Canon DSLRs used to be the belle of the ball, but in recent years have fallen behind as newer, spiffier competition rose in Nikon and Sony with little to get excited about from Canon. 2016 looks like it is shaping up to be the year of change for Canon though, as they have gotten an excellent start with their new high-end flagship, the 1DX Mark II. Rocking outstanding autofocus in both photo and video as well as the best video quality and frame rate available in its class (mirrorless or DSLR), Canon has succeeded in making a modern DSLR that is far and away my new favorite “all-purpose” camera.
When I say “all-purpose,” I mean that such that the 1DX Mark II is capable of being just about anything you need it to. What it lacks in megapixels, it makes up for in image quality, color rendition and astounding video. In fact, the 1DX Mark II is my new #1 video camera (this coming from a guy who focuses primarily on video production work).
Build Quality and Body Design
The 1DX II is a tank. It’s not light, with the body weighing 3.37 pounds, but it is tough as nails. It sports the much sought after “square” body design that feels much the same shooting in either landscape or portrait orientation. The body weighs so much because of the magnesium alloy design that is both dust and weather sealed, which is a must for a camera like the 1DX II.
But with that tough design comes weight, and the 1DX Mark II is indeed quite heavy. With a high-end lens, the entire package becomes a bit ungainly. For sports or wildlife shooters, this might not be a huge deal as you will find yourself positioned in one place for extended periods. For those that like to walk and shoot, the weight can start to be a lot to carry.
The 1DX does not use the same battery type that is found in most other Canon DSLRs, instead using the LP-E19 rechargeable lithium-ion battery, which is rated to provide up to 1210 shots per charge when shooting with the optical viewfinder (the performance of course dips when shooting video or using the LCD). The 1D X Mark II is also compatible with LP-E4N and LP-E4 rechargeable lithium-ion batteries, however the top continuous shooting rate will be slightly reduced to 14 fps in live view and 12 fps with AE and AF.
The Canon 1DX Mark II can fire 14 raw files a second for 12 full seconds before slowing, which is 168 raw images before the buffer kicks in.
The rear of the camera sports a large 3.2 inch, 1.62m-dot “Clear View II LCD” monitor, which is pretty easy to see in both the dark and in bright sunlight. It can be a bit challenging in extreme sunlight, as all monitors struggle here, but it is quite bright and able to be used in most any situation.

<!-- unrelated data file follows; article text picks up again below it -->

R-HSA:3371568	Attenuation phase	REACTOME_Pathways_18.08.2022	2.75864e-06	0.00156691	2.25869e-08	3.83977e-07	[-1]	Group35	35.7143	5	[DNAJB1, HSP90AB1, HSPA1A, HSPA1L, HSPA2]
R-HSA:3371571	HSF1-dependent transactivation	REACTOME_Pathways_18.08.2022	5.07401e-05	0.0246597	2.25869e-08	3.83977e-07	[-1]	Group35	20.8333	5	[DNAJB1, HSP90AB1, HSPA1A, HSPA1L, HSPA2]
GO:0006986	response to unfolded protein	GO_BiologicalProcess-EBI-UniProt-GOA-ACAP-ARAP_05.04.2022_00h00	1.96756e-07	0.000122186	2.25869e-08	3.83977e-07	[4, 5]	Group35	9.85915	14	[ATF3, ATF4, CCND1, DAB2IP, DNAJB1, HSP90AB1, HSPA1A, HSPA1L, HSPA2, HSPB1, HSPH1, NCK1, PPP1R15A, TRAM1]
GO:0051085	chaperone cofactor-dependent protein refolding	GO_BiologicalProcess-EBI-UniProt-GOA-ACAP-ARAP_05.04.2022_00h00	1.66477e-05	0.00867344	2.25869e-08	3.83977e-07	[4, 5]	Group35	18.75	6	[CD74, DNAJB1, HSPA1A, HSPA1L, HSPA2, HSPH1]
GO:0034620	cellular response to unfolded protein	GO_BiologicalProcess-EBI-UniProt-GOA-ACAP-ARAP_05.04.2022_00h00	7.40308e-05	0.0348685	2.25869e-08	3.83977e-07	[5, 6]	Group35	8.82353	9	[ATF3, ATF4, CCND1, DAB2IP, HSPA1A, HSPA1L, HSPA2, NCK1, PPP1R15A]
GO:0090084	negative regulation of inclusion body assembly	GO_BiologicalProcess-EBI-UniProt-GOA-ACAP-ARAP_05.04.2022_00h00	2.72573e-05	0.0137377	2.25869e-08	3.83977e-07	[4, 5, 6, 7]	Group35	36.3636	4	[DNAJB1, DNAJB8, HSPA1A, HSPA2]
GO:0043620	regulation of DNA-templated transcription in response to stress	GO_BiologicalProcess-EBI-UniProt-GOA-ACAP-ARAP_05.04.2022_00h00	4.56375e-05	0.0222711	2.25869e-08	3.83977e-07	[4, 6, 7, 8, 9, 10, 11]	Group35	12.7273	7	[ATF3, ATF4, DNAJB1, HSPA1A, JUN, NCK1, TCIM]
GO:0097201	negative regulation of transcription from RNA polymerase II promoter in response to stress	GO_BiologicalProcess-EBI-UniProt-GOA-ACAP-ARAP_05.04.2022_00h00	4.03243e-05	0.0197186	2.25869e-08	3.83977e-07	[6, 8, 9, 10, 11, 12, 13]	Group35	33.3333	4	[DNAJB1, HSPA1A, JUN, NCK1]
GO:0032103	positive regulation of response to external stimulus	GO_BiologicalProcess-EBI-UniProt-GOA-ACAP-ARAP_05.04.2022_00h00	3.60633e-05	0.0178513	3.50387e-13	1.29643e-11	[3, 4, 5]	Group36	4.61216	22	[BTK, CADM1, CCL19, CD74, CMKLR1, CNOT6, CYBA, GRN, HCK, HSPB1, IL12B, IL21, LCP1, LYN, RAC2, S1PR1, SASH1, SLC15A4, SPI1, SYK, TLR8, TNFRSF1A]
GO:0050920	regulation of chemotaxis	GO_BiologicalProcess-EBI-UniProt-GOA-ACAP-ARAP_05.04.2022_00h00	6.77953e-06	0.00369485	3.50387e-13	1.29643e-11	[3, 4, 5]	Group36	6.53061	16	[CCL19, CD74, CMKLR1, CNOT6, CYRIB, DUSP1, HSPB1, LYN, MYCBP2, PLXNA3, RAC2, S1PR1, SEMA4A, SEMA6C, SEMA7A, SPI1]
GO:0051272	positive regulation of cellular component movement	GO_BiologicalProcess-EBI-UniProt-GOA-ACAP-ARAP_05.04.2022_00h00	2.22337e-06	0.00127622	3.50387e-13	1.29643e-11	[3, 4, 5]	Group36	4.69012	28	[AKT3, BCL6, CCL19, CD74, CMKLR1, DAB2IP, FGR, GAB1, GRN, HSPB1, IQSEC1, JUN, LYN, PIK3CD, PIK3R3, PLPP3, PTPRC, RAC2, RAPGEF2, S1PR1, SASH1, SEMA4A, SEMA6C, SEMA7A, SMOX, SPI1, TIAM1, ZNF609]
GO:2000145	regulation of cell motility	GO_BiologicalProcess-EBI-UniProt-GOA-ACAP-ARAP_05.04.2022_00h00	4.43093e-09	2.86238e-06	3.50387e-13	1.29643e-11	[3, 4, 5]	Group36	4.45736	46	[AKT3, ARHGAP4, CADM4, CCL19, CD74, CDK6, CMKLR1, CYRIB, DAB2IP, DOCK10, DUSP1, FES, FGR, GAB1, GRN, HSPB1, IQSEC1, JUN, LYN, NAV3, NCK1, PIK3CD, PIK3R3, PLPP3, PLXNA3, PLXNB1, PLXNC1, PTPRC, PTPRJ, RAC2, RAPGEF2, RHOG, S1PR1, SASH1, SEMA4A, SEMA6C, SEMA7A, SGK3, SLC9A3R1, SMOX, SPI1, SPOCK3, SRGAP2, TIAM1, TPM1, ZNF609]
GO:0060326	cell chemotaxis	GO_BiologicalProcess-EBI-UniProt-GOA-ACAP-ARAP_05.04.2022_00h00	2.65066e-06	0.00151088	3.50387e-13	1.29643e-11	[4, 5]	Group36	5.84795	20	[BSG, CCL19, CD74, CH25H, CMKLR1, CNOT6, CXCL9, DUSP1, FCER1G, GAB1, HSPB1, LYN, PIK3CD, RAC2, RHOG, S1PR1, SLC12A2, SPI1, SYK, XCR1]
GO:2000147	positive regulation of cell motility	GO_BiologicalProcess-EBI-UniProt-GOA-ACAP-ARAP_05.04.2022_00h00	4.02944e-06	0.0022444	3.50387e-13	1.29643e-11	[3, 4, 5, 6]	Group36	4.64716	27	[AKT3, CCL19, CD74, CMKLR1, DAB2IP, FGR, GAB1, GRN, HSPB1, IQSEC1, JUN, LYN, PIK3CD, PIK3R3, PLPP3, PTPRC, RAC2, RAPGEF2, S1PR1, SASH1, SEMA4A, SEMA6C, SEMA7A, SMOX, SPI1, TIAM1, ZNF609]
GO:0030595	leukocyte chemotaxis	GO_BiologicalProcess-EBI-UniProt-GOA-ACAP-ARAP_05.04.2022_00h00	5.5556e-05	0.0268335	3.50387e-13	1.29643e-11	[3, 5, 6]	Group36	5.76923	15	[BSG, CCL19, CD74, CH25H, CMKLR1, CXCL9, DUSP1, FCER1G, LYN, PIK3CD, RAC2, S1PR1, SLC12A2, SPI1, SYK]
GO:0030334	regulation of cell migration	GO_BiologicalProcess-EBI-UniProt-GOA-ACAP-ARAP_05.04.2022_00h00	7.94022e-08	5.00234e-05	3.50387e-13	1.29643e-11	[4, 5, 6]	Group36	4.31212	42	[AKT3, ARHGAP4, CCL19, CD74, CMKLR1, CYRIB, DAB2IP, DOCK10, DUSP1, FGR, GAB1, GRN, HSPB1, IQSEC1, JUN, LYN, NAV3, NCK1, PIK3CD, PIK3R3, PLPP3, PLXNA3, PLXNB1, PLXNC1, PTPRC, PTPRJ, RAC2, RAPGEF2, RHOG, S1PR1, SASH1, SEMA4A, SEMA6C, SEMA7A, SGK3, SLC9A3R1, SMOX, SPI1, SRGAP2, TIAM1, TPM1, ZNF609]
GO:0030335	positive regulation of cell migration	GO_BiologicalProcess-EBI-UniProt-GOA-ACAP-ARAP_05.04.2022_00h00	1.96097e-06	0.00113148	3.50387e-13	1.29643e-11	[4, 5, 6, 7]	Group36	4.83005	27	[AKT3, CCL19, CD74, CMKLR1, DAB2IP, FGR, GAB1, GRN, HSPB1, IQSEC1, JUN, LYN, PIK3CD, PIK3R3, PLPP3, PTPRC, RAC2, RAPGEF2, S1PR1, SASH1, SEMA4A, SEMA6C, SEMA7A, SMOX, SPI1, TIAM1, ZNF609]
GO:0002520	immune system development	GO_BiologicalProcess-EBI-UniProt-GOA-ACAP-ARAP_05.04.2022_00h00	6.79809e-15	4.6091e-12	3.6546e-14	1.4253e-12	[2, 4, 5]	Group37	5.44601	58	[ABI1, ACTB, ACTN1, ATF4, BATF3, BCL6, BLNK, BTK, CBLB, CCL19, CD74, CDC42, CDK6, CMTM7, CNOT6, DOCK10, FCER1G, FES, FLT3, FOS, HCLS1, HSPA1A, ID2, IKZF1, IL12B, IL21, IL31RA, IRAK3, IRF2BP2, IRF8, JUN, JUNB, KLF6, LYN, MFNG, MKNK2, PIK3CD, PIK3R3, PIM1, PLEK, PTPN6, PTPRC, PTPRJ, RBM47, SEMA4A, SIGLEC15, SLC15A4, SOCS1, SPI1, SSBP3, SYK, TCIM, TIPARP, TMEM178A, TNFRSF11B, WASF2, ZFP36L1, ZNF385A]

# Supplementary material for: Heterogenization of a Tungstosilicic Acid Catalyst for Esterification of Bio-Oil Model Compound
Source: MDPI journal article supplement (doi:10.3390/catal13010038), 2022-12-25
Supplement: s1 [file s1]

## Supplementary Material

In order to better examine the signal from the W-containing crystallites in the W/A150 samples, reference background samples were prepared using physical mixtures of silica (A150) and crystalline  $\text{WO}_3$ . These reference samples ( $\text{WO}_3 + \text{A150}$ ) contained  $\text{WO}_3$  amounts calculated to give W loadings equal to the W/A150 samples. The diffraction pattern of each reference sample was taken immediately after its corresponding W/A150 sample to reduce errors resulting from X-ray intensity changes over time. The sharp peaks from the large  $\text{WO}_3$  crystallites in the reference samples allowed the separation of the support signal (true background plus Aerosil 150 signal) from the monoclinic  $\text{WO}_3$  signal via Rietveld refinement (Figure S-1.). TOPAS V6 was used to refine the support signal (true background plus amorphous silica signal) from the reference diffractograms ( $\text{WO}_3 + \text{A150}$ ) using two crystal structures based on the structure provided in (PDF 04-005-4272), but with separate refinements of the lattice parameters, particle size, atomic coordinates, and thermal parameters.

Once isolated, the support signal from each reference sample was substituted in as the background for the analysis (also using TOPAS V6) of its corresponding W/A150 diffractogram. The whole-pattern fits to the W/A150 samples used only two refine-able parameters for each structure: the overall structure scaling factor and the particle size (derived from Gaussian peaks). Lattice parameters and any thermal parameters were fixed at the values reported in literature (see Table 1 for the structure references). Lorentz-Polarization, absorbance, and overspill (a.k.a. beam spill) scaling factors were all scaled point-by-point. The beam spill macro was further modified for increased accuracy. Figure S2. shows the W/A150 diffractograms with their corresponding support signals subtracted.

That monitor does come with touch control, but only during live view autofocus situations. It’s an odd choice to leave out full touch control, since the touch interface clearly exists on the monitor and they have used touch as a way to navigate menu options on other camera bodies.
The 1DX Mark II does not have a built-in intervalometer, which is a shame.
The 1DX comes with two memory slots, one for CF and the other for CFast 2.0. CFast is what we recommend you use with this camera, as you will get the most optimal performance out of the processor. The Canon 1DX Mark II can fire 14 raw files a second for 12 full seconds before slowing, which is 168 raw images before the buffer kicks in. That’s some serious frames per second, and you’ll need the CFast card’s write speed in order to attain it.
You will also need CFast to get the full 4K at 60 frames per second, which we’ll talk about more later in the review.
Some other body highlights:
- An Intelligent Viewfinder II uses a pentaprism design and offers a bright means for viewing, along with a 0.76x magnification and 100% frame coverage. When using the viewfinder, AF points are highlighted in red for greater visibility in low-light conditions, and the finder can also be configured to display a range of other shooting aids, such as an electronic level, grid, flicker detection, white balance, metering mode, AF information, and other settings.
- A redesigned mirror mechanism helps to minimize mechanical vibrations in order to better ensure sharpness during long exposures or fast continuous shooting bursts.
- The high-performance shutter utilizes lightweight carbon fiber blades for quick shooting speeds and is tested for up to 400,000 cycles.
- Extensive connectivity ports allow for the attachment of various accessories, including the optional WFT-E8A Wireless File Transmitter for remotely controlling the camera from a smartphone or sharing files over Wi-Fi with support for the 5 GHz 802.11ac standard.
In short, the body is extremely well designed, with new hardware features that back up the 20.2MP CMOS sensor and dual DIGIC 6+ image processors. This is not a slow camera, and viewing images as well as selecting menu options is blazing fast.
The 1Dx Mark II uses a 61-point High Density Reticular AF II system, which incorporates 41 cross-type points for increased precision as well as a center point that is sensitive to -3 EV. All 61 phase-detection points support metering at effective apertures of f/8 or larger, which benefits the use of teleconverters and telephoto lenses. Additionally, a separate, dedicated DIGIC 6 processor is used for the AF and metering systems in order to maintain quick performance while recording 4K video or shooting at fast continuous speeds. Canon states that, “as a whole, the AF system has gained approximately 8.6% in coverage in the center, and 24% in the periphery, for enhanced subject tracking across the image frame, and an AI Servo AF III+ algorithm is used to intelligently and precisely acquire focus in single-point, Large Zone AF, or any other focusing mode.”